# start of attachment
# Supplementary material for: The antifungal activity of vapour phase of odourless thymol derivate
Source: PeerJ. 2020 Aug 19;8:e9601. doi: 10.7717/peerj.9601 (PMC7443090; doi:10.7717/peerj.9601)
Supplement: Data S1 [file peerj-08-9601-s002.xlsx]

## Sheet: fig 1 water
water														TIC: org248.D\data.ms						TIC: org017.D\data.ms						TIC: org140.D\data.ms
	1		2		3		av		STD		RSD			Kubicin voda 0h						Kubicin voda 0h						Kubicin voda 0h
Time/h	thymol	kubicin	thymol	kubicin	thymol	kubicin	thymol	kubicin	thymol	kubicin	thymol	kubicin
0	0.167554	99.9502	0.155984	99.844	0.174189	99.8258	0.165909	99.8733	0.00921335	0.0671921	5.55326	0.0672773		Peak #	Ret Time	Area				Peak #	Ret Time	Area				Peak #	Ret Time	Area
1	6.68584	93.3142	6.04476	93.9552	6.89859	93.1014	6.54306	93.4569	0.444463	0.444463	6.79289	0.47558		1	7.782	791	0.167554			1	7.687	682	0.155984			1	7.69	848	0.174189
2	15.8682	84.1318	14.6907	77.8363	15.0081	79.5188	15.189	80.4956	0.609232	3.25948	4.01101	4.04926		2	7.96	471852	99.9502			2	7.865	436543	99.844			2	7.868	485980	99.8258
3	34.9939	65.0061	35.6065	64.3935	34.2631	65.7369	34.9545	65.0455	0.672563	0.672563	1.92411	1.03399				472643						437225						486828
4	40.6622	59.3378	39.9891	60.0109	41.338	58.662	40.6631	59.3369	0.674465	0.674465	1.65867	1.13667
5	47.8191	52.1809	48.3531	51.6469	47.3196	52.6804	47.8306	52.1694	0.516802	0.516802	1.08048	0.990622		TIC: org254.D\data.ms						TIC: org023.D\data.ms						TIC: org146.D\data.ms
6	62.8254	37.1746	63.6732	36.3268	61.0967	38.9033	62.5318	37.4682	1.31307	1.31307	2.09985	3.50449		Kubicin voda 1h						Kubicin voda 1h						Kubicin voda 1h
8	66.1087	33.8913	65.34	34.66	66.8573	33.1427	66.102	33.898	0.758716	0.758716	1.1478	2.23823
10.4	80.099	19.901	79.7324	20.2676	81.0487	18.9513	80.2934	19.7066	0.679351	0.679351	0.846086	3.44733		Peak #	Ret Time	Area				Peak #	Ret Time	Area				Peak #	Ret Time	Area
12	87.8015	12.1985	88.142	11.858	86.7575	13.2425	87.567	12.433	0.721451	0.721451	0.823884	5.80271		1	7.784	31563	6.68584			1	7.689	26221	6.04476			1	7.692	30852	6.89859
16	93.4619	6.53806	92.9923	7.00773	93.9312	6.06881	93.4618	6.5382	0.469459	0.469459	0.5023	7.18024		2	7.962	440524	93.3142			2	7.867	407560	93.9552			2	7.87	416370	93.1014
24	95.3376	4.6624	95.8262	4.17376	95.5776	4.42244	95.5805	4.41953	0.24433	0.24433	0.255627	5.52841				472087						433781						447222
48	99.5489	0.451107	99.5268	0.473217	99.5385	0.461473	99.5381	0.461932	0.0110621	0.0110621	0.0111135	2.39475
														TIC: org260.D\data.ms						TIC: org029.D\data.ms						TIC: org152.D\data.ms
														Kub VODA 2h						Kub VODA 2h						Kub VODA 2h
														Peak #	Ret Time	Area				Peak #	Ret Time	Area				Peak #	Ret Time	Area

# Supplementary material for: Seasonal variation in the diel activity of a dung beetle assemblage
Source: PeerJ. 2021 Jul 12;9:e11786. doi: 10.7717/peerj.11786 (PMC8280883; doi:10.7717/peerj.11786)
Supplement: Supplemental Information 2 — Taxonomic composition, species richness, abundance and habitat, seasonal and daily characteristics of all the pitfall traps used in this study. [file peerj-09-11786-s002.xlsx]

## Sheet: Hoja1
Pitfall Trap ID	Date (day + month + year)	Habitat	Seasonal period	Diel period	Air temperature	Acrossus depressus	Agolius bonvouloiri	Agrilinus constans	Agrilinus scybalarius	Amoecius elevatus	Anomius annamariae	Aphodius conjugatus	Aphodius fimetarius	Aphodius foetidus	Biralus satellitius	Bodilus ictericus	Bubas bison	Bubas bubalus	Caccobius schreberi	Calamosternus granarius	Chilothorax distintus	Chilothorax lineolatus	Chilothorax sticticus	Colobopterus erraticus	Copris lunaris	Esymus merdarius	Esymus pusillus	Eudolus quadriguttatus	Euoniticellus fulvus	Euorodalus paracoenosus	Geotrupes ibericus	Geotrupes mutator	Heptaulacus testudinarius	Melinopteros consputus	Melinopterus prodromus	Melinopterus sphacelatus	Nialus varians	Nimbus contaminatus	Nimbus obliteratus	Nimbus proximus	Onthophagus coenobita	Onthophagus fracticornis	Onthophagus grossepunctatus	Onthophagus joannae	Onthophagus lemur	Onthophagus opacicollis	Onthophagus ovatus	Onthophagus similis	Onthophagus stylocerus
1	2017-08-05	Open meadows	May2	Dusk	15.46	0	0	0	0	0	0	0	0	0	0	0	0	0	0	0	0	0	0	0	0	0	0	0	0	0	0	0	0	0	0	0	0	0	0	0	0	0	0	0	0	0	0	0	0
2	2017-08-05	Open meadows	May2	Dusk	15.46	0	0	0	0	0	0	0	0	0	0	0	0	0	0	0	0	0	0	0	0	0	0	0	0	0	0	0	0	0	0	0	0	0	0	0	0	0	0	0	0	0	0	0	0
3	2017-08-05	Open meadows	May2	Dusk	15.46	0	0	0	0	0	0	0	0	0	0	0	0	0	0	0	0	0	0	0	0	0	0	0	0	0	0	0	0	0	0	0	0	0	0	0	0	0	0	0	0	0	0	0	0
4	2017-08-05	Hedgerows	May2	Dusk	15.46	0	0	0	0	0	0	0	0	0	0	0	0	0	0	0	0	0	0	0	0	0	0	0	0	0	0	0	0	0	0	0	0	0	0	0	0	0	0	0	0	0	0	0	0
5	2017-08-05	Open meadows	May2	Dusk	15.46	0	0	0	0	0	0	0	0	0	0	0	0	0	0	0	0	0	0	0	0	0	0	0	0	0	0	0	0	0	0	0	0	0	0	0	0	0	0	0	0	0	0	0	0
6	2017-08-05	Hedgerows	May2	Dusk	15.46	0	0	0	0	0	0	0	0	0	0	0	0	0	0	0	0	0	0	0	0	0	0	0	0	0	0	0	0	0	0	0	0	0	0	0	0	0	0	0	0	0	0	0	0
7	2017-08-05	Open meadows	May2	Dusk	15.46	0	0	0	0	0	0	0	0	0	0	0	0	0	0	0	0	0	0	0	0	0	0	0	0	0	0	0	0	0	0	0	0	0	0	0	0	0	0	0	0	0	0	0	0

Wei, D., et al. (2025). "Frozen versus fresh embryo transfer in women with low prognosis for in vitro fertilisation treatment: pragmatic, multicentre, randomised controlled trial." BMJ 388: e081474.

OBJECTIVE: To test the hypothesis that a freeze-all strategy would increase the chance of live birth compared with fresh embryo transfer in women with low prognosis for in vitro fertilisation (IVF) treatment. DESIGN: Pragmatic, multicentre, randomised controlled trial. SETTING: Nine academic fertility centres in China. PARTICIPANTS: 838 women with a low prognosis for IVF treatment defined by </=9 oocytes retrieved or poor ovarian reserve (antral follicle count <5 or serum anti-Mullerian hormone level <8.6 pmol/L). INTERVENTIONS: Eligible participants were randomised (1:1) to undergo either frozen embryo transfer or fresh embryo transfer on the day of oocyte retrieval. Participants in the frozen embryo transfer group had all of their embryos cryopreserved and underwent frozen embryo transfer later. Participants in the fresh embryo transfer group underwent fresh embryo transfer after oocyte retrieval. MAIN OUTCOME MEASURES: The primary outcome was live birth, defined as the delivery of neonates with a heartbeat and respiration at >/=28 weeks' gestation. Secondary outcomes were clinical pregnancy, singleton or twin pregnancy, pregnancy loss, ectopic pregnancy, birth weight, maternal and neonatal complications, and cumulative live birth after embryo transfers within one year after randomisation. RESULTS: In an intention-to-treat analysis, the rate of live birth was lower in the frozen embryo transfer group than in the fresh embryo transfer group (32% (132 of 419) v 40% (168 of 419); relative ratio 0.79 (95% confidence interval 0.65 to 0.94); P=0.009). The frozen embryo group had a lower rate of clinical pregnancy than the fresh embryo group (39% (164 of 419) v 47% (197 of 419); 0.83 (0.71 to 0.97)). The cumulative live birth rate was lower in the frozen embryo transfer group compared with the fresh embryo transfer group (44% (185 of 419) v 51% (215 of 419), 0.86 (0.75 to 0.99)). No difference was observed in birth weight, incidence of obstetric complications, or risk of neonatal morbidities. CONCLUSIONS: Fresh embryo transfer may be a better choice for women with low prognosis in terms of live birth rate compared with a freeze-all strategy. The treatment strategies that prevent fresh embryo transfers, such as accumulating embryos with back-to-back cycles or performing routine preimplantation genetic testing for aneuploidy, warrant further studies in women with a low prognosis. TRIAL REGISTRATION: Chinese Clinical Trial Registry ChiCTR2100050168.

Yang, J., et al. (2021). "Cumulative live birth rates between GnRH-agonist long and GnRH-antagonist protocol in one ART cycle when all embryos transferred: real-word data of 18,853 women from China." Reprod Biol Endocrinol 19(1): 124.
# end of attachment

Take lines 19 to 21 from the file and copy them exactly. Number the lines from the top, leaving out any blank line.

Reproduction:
24	95.3376	4.6624	95.8262	4.17376	95.5776	4.42244	95.5805	4.41953	0.24433	0.24433	0.255627	5.52841				472087						433781						447222
48	99.5489	0.451107	99.5268	0.473217	99.5385	0.461473	99.5381	0.461932	0.0110621	0.0110621	0.0111135	2.39475
														TIC: org260.D\data.ms						TIC: org029.D\data.ms						TIC: org152.D\data.ms